The Norwegian government are planning a reorganisation of the health services, "The Cooperation Reform", based on the assumption that "patients' needs for coordinated services are not being sufficiently met"  The health authorities are also concerned regarding GPs' involvement in multidisciplinary activities , based on evaluation reports of the health services, especially of the psychiatric services . List size reduction is proposed as a main tool to improve GPs participation in multidisciplinary teams, without scientific evidence supporting this strategy .
The present study explored Norwegian GPs' participation in MDMs concerning their patients, and the health problems addressed. We wanted to investigate the widespread opinion that the frequency of GPs' participation in MDMs is generally low, and that the list size, an indicator of workload, explains possible differences.
The aim of the study was to identify the impact of characteristics of GPs, patient list populations and the practice municipalities on the frequency of the GPs' participation in MDMs.
A national cross-sectional register-based study of Norwegian general practice was conducted. All Norwegian GPs participating in the Regular GP Scheme who had practised during the whole year 2007 (N = 3179) were included, with a total of 97,091 reported MDMs.
The data were obtained from the following three data sources:
From the national GP register we obtained information on the GP's age and gender, the practice municipality, information on list length and changes in list length, and the age and gender of the patients on the GP's list.
The national research database "FD trygd" contains data on income, education, and receipt of social security and social assistance benefits on all inhabitants. Based on the unique ID number for each person in the national GP register, Statistics Norway linked this information anonymously to all persons on the patient lists (N = 3,936,126).
The Norwegian National Insurance Services receives bills from GPs in the fee-for-service system. We obtained anonymised data on all bills from GPs concerning all patient-related activities including participation in MDMs. These bills include a GP identity, the patient age and gender, but no person identification. They also include information of the time used in the meetings and a diagnosis set by the GP according to the International Classification of Primary Health Care (ICPC) .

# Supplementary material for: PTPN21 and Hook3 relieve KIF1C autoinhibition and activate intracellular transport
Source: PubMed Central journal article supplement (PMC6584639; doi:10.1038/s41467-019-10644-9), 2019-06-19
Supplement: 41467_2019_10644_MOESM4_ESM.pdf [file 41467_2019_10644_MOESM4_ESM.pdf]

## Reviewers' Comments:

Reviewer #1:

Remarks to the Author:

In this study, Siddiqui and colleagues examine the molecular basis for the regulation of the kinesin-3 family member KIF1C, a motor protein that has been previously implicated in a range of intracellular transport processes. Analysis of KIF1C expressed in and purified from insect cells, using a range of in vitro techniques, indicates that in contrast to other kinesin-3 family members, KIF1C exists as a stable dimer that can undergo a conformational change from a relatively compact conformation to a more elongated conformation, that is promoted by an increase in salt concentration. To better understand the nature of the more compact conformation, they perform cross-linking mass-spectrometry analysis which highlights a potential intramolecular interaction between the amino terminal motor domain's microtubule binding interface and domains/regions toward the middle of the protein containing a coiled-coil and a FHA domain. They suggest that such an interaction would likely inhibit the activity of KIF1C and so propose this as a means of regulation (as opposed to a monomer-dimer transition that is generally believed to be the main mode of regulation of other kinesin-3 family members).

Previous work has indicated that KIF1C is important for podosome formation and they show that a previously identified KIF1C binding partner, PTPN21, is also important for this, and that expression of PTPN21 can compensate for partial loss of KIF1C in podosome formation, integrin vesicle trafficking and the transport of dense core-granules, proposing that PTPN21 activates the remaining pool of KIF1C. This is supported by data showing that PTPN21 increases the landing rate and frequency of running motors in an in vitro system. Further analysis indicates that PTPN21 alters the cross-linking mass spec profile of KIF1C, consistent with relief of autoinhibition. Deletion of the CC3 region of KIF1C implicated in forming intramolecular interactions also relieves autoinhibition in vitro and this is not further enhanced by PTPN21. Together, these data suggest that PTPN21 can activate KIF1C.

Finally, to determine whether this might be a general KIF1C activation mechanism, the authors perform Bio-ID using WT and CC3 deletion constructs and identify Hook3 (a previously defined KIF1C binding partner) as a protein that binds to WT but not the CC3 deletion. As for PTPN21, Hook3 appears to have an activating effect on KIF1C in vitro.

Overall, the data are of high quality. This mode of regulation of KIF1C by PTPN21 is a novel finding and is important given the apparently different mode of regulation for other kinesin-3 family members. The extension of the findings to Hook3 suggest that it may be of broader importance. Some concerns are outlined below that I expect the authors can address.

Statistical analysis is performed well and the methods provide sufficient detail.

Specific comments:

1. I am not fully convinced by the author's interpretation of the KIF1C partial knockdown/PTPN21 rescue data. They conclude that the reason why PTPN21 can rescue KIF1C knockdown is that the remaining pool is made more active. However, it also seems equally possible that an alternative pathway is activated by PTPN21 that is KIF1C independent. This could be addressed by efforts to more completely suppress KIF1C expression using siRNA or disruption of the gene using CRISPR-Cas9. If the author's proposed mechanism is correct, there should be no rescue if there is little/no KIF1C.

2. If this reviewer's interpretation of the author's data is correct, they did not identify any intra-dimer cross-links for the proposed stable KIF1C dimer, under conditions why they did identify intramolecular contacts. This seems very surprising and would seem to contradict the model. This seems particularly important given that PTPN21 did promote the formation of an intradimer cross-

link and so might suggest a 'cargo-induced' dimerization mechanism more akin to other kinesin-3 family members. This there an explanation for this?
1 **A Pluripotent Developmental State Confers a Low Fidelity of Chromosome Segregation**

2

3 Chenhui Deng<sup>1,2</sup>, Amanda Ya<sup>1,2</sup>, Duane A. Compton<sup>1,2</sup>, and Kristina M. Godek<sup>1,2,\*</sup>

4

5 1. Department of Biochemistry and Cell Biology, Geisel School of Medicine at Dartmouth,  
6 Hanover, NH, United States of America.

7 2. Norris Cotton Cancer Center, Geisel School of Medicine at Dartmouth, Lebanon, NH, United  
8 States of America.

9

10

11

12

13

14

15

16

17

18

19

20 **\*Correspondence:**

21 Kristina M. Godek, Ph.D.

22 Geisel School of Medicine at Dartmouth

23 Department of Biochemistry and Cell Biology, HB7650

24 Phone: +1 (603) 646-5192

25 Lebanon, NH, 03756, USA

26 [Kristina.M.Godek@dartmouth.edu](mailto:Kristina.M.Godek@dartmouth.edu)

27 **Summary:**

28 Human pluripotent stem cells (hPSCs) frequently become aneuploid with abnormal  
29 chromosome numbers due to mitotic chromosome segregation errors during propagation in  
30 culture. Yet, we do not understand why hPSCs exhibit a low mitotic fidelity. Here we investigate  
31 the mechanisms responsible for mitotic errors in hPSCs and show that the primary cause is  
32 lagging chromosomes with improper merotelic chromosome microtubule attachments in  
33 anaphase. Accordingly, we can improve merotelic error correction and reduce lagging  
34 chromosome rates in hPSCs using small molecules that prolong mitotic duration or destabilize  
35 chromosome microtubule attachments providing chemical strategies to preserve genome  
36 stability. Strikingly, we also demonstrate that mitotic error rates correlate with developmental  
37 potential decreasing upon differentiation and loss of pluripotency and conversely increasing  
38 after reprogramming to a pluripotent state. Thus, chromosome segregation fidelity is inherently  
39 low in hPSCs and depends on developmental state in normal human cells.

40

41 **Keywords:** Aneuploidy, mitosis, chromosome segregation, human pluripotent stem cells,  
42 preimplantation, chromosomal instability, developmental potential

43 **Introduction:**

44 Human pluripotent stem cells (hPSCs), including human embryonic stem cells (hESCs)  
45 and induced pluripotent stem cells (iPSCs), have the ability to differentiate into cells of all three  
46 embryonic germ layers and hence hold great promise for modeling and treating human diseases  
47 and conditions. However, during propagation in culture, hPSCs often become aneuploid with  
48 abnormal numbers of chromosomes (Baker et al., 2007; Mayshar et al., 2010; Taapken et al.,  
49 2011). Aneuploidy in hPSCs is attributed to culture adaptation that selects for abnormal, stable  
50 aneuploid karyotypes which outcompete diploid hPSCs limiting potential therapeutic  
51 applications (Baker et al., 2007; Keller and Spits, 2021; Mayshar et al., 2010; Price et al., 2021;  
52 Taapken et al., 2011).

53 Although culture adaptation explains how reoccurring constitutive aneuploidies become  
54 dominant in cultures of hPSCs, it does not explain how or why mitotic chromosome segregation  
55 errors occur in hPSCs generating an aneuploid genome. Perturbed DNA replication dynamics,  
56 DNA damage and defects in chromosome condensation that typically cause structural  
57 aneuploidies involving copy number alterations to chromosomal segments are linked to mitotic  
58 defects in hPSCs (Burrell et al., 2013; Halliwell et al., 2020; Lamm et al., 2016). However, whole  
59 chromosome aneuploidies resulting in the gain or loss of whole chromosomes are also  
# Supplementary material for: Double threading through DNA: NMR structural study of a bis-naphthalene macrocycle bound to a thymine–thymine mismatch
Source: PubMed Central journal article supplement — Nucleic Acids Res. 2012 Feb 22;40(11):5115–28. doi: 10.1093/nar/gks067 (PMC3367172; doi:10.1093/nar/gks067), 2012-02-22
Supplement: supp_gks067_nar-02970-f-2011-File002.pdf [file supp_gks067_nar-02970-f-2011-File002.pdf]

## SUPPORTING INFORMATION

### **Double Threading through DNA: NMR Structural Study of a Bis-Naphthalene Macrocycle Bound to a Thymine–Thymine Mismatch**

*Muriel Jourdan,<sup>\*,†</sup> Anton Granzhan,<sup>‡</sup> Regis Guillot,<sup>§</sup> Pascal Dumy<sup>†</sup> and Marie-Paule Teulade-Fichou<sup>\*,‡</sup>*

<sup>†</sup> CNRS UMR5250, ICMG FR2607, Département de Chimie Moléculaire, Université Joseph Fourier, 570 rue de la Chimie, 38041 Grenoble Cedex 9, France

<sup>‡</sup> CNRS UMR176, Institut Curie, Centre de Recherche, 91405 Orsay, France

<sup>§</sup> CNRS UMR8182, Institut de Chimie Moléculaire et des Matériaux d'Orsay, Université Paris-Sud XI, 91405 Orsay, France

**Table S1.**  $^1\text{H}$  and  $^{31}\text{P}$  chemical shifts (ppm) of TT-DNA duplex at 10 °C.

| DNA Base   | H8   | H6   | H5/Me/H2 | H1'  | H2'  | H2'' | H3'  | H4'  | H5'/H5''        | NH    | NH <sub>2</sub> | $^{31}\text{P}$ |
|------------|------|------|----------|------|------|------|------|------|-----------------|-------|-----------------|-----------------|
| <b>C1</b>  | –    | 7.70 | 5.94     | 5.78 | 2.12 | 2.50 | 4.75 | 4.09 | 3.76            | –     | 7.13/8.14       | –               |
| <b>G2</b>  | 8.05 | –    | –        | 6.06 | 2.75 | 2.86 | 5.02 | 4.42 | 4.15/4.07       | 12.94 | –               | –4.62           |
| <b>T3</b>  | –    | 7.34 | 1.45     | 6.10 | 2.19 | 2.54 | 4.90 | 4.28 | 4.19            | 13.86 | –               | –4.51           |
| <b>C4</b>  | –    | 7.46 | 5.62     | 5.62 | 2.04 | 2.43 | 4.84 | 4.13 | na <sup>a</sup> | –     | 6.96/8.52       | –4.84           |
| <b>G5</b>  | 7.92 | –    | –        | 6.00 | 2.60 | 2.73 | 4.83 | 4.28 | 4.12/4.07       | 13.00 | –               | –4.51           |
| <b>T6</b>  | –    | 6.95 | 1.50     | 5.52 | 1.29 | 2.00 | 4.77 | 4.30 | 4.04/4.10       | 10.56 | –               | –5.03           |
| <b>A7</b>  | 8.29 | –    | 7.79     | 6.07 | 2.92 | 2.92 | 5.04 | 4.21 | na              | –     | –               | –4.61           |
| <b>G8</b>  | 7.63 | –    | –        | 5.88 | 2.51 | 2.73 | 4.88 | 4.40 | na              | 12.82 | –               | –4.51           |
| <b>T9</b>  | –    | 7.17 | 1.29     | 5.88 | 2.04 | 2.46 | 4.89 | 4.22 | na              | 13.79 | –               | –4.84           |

The study was approved by the Norwegian Data Inspectorate and the owners of the databases.
We estimated the annual rate of MDMs per patient on the GP's list. Based on this rate, GPs were divided into quartiles, and these groups were compared with respect to GP age and gender, list size, and sociodemographic characteristics of the patient list population. The annual rate of MDMs was dichotomised, defining the 25% of GPs with the highest annual rates as a "high rate group". This was used as the outcome variable in the logistic regression analyses.
GPs were characterised by age and gender.
The lists were characterised by the number of patients and whether or not the list was open to new patients.
The list populations were characterised by the proportion of males, mean age in the list population, educational level, mean annual income, the proportion of disability pensioners, and the proportion of recipients of social assistance on the list. Educational level was measured by the proportion of patients in the list aged over 20 years with only basic education (≤ 9 years' education). Income level was measured as the mean annual income among those aged 20 and above.
The GP practice municipalities were grouped according to the number of inhabitants.
A GP practice profile was indicated by the proportion of all the GP's ordinary consultations that had a main diagnosis of a psychological problem according to the P-chapter in ICPC.
The MDM proportion with patients ≥ 67 years adjusted for differences in list population was estimated, and defined as "high" when the proportion of MDMs concerning a patient ≥ 67 years was equal to or higher than the proportion of list population ≥ 67 years.
One-way analysis of variance was used to compare the quartiles of GPs according to rates of MDMs.
Binary logistic regression was used to analyse associations between "high" rates of participation in multidisciplinary meetings and GP, list-population and municipality characteristics. First, univariate odds ratios were estimated for all variables; then three multivariate models were constructed by including gradually new sets of variables. There was no reason to assume a linear association between variables and outcome, so variables were categorised by dividing the GPs in three equal sized groups.
The statistical package STATA 11 was used for the analyses.
On average, GPs attended 30 MDMs a year. The majority of the meetings concerned patients in the age groups 20-59 years (Table 2), and the proportion of male and female patients was almost identical. When the patient was ≥ 70 years, 75% of meetings lasted less than 30 minutes, compared to 30% for patients < 70 years (not tabled).